At the same time, I knew enough not to critique stuff I didn’t know anything about and if I were a novice to do my research so I could be sure I wasn’t writing nonsense. It seemed clear to me that if you wanted people to take you seriously, you should be a purveyor of factual information.

Obviously, I’m a dinosaur when I roam about social media. I see people post compete garbage, with their actual names attached to it (!!!), and I am astonished every time. The other day one of my friends tagged me to ask me a few specific questions about the second Trump impeachment. Before I could compose a sensible response, one of her friends popped in with nonsense about Dominion voting machines, Nancy Pelosi having a hissy fit, and a prediction he would not be impeached (mind you, this was after he had already been impeached(squared), so clearly, he was no Cassandra).  I made my response, fact-based, with well-supported speculation as to what was going to happen next week, and he took that as his invitation to present more of his conspiracy nonsense. I pushed him to keep to facts, and he then told me that I was uninformed and should go read The Constitution.

It’s not enough to present facts to these folks—we have to convince them they don’t know as much as they think they do, to think critically, and to question everything (extra points for now seeing Spalding Gray drawing a box in the air).  But I have no idea what to do. I see these folks everywhere, and I think their world is about to come crashing down around them, and I don’t know how to help them sift through the rubble.

But I know we have bigger fish to fry these next few days. Joy be to you all.

Saturday Odds & Sods: You Must Go

Room In New York by Edward Hopper.

The cold weather is still with us in New Orleans. I’m getting more use than expected out of the light flannel shirts I bought on sale at the end of last winter. I call them my Fogerty shirts after a certain singer-songwriter you might have heard of.

The big local controversy involves the Houma based grocery chain Rouses. They came to New Orleans after Katrina. I’ve known for four years that former CEO Donny Rouse Senior is a Trumper. I processed the information back then and continued shopping there. Why? The employees at the nearby Tchoupitoulas store are so damn nice; many of them know Dr. A and me by sight and some by name.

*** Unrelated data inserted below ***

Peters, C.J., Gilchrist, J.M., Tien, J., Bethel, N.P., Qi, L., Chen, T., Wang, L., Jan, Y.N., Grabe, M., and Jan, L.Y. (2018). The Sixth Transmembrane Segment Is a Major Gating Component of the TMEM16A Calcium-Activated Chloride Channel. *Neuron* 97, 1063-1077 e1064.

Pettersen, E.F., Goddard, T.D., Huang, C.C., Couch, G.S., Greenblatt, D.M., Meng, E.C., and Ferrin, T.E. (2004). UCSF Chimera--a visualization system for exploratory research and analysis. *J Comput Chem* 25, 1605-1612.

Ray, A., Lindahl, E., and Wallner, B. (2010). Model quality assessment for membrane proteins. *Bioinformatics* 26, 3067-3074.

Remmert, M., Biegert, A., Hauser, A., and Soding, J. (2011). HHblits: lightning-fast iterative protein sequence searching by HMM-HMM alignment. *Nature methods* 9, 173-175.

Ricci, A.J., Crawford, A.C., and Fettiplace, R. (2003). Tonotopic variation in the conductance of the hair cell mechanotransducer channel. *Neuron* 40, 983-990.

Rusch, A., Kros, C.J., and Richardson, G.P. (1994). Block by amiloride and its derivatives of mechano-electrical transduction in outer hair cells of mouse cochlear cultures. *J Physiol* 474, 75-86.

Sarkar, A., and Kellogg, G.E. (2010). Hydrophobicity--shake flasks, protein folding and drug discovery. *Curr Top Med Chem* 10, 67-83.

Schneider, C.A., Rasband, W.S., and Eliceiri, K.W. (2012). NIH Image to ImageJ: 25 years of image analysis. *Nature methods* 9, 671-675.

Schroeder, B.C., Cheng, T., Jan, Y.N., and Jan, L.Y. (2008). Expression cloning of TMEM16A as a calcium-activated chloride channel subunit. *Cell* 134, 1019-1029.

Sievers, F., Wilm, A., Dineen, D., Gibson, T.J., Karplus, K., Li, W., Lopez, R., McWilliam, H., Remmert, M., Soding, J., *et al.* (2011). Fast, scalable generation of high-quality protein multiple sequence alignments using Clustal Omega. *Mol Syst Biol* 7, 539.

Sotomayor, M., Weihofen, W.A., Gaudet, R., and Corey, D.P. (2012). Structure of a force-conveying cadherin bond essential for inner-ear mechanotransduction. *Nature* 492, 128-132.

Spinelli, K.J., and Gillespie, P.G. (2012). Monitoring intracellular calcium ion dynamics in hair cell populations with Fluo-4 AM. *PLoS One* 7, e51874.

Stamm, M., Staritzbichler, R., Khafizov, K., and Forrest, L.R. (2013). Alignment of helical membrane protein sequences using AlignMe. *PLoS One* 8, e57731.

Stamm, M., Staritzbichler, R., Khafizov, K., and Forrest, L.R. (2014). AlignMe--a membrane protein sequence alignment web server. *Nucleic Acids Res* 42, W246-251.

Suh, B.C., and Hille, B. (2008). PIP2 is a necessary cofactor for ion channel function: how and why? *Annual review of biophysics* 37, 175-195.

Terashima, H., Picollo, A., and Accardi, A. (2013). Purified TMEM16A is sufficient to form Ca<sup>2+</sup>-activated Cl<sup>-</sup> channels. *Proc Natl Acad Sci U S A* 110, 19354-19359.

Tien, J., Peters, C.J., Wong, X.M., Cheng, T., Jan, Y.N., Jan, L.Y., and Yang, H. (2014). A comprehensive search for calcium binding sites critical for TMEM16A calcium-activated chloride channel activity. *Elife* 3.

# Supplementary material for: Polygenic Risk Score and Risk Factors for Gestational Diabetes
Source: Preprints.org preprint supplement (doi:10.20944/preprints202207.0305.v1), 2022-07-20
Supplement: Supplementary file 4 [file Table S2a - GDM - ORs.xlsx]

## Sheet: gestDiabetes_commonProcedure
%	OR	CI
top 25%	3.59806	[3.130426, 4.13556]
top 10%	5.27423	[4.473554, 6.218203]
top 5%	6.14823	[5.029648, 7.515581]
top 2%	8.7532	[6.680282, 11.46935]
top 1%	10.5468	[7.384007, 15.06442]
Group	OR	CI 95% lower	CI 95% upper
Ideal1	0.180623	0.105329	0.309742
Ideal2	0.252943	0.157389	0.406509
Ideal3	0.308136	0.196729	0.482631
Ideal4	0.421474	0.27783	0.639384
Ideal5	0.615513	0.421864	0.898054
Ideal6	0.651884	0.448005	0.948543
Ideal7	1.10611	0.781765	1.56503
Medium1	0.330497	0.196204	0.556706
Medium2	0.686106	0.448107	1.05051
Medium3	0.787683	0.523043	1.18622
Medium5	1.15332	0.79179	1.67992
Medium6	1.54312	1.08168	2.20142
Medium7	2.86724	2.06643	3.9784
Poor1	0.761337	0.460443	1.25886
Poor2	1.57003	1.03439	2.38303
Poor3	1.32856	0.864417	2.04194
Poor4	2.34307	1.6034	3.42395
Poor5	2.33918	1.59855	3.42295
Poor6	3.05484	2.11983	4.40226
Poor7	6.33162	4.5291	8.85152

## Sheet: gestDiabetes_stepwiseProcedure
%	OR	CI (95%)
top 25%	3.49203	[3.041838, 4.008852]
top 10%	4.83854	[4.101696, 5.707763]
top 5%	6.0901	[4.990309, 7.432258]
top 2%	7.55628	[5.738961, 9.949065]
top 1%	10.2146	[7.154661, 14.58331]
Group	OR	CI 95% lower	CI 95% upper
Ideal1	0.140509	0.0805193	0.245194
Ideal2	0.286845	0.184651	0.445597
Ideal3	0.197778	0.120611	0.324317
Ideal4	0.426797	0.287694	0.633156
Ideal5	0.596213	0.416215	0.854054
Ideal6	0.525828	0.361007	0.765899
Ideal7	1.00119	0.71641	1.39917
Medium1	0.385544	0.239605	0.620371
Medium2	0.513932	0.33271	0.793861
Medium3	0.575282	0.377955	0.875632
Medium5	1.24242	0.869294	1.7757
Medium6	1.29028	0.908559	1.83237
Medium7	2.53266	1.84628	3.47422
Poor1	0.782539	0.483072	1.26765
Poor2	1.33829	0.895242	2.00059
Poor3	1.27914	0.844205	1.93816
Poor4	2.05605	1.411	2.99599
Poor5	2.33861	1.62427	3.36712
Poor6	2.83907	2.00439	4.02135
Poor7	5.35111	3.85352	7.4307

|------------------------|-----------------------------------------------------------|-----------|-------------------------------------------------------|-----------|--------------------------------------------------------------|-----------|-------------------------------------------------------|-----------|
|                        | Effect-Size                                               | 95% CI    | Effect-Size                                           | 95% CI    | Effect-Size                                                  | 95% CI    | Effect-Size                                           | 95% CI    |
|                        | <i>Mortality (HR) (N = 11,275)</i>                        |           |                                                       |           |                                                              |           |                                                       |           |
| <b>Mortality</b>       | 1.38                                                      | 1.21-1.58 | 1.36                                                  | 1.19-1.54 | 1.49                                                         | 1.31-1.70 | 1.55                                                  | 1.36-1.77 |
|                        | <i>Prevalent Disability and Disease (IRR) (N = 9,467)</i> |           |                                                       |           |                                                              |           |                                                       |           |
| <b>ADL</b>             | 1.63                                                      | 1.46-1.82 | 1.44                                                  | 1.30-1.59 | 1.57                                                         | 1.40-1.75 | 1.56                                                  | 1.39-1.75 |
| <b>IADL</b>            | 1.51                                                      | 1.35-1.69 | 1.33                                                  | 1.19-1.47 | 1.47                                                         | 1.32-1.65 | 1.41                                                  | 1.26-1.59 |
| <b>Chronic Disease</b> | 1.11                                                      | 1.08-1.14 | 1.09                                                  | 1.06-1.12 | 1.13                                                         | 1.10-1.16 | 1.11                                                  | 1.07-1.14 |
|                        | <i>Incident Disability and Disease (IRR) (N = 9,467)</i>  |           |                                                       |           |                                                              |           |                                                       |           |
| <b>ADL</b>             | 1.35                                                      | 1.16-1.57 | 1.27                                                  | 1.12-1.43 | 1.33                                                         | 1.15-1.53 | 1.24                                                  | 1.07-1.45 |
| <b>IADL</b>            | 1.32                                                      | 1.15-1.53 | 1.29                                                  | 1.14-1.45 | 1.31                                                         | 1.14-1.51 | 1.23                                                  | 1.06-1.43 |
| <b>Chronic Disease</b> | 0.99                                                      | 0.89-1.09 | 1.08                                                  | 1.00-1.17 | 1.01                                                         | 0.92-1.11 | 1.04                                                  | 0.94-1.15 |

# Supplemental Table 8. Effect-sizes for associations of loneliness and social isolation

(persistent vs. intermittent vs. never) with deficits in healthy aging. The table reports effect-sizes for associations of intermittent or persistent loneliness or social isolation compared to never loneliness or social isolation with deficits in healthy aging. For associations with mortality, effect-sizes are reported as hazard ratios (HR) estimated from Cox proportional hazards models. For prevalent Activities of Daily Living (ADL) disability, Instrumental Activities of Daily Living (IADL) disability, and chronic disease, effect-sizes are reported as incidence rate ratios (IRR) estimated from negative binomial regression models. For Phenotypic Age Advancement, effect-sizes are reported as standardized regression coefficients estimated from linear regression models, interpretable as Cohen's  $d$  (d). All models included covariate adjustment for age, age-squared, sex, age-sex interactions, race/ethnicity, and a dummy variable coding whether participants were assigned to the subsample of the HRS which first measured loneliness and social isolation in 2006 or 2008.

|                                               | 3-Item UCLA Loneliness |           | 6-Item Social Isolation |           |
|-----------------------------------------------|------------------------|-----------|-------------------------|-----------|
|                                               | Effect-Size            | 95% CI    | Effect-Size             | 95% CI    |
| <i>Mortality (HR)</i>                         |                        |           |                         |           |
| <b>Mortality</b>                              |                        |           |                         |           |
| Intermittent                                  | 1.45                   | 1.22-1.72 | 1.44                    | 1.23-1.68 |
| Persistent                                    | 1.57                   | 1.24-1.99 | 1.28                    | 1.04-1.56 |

It came out that Rouse Senior attended the Twelfth Night Trump rally. Despite claims to the contrary, there’s no evidence that he took part in storming the Capitol. A boycott movement has arisen, which I get. What I don’t get is how so many people didn’t already know about his politics. It was no secret.

I’m still where I was four years ago because 90-95% of Rouses employees in New Orleans are Black. They’re the ones who will suffer from a boycott, not the Rouse family who have stores in redder parts of the Gret Stet. Rouse Senior’s politics are terrible, but he’s retired. Additionally, the other major grocery chains are GOP donors. Boycotting Rouses to support Wal-Mart makes no sense whatsoever. I guess this means that I’m not woke. That’s okay because the idea of being woke puts me to sleep.

John Hiatt wrote this week’s theme song for his 1995 album Walk On. It’s one of the biggest-selling albums of his career.

You Must Go is the second track on the album. I’m using it to send a message to President* Pennywise: “there’s a place, you must go.”

Another reason I love You Must Go is that Jayhawks Mark Olson and Gary Louris sing back-up vocals. We’ll get to them later.

We have two versions for your listening pleasure: the Hiatt original and a recent cover by his daughter, Lilly.

I’m not quite ready to let go. What about you: Are you ready to go? Asia sure was:

One more go song, make that Go-Go’s:

My get up and go seems to have gotten up and went or some such shit. Maybe jumping to the break will revive me. Let’s go.

Continue reading